What is unhelpful today is a kind of wearing one’s emotions on one’s sleeve approach in which what we ourselves feel and think about something is all that matters. This goes along with the postmodern mood which is a part of our culture. It’s not like what we feel and think doesn’t matter, that’s not the point at all. In fact, before God, and before any good counselor who hopefully is also a true friend, it is good to trust to the point where one can tell all without fear of being condemned, or looked down on and rejected. This is vitally important, and precisely where Job’s friends failed. The kind of authenticity which bears all before God, and appropriately confesses sin to God and to others is highly valued in scripture. “A broken and contrite heart, God does not despise.”

But we in Jesus must not stop with that aspect of authenticity, though neither should we abandon it. The kind of authenticity we need is expressed by James:

Do not merely listen to the word, and so deceive yourselves. Do what it says. Anyone who listens to the word but does not do what it says is like someone who looks at his face in a mirror and, after looking at himself, goes away and immediately forgets what he looks like. But whoever looks intently into the perfect law that gives freedom, and continues in it—not forgetting what they have heard, but doing it—they will be blessed in what they do.

James 1

The kind of authenticity pressed for here is a life that is not only vulnerable by being open before God, and when appropriate, before others. But a heart sincere and set in trying to be true by grace to living in accord with God’s word. An authenticity in being genuine not only in regard to who we actually are, without pretense, but also a genuineness in seeking to see our lives and God’s revealed will in scripture and in Jesus being brought closer and closer together.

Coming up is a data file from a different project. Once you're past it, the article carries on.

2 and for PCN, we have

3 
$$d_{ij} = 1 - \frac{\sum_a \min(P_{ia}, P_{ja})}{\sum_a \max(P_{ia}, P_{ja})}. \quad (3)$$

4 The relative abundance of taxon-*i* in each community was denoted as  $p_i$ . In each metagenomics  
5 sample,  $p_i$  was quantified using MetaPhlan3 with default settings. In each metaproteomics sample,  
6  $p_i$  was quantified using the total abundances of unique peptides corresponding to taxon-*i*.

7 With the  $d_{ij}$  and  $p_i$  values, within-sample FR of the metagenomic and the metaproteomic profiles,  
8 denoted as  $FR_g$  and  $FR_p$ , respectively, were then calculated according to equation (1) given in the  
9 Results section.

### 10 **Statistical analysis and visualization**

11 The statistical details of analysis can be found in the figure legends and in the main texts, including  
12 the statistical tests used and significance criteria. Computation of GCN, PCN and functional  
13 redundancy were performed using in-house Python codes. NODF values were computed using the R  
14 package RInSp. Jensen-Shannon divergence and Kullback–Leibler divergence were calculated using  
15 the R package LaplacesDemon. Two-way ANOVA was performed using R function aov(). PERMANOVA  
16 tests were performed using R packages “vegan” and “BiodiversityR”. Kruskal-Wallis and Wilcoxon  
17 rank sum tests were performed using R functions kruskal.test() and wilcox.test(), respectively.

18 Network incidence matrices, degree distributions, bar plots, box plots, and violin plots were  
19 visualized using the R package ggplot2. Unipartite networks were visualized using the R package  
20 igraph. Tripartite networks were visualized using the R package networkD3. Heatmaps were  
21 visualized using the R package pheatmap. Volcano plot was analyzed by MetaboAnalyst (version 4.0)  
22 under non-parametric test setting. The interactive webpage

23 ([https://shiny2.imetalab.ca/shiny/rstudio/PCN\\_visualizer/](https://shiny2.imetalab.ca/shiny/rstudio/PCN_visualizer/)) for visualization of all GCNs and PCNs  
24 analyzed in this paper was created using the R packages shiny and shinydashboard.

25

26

Of course that’s a lifelong process, involving an ongoing brokenness and sorrow of heart over too often falling short. Yet also seeing the Spirit help us to actually grow more and more into Jesus’s likeness to a significant extent by taking in the word, and letting it expose us, then doing something about it.

The authenticity in Jesus that is desirable is one that’s committed to being conformed to the truth of God’s word, and the truth that is in Jesus, whatever the cost, without imagining that one will arrive in this life. And so an important part of that authenticity is an ongoing brokenness before God. Even as we find ourselves in some ways, enough to be encouraged, growing closer to heart and life conformity to God’s will in Jesus.

Ash Wednesday, the beginning of Lent

Today on the church calendar is Ash Wednesday, which marks the beginning of Lent. Lent is the period from this day to Holy Saturday, the day before Easter. It is a time of preparation for remembering Jesus’ suffering and death and celebrating his resurrection. Penitence, meaning a sorrow over our sin, and repentance, which includes confession along with renunciation and forsaking of sin, is to mark this time. This is a time to especially focus on our sins, asking God to search us so that our darkness might be exposed by God’s light, so that we might confess our sins and receive both cleansing and forgiveness. And through that live differently. In doing so, we’re seeking to honor our Lord by responding in whole hearted faith to what he has done for us in his death on the cross. So that we might be enabled to rejoice completely in his resurrection, as we share in his resurrection life even now.

Ash Wednesday is also a day of remembering our mortality. We are dust, and to dust we will return (Genesis 3:19).

The priest or pastor takes ashes which are watered down (perhaps with holy water or olive oil), and marks the sign of the cross on the participants. The ashes are previously blessed by the priest or deacon for the purpose which they serve to draw us to confession of sin and the salvation of the cross of Christ. As well as reminding us of our mortality.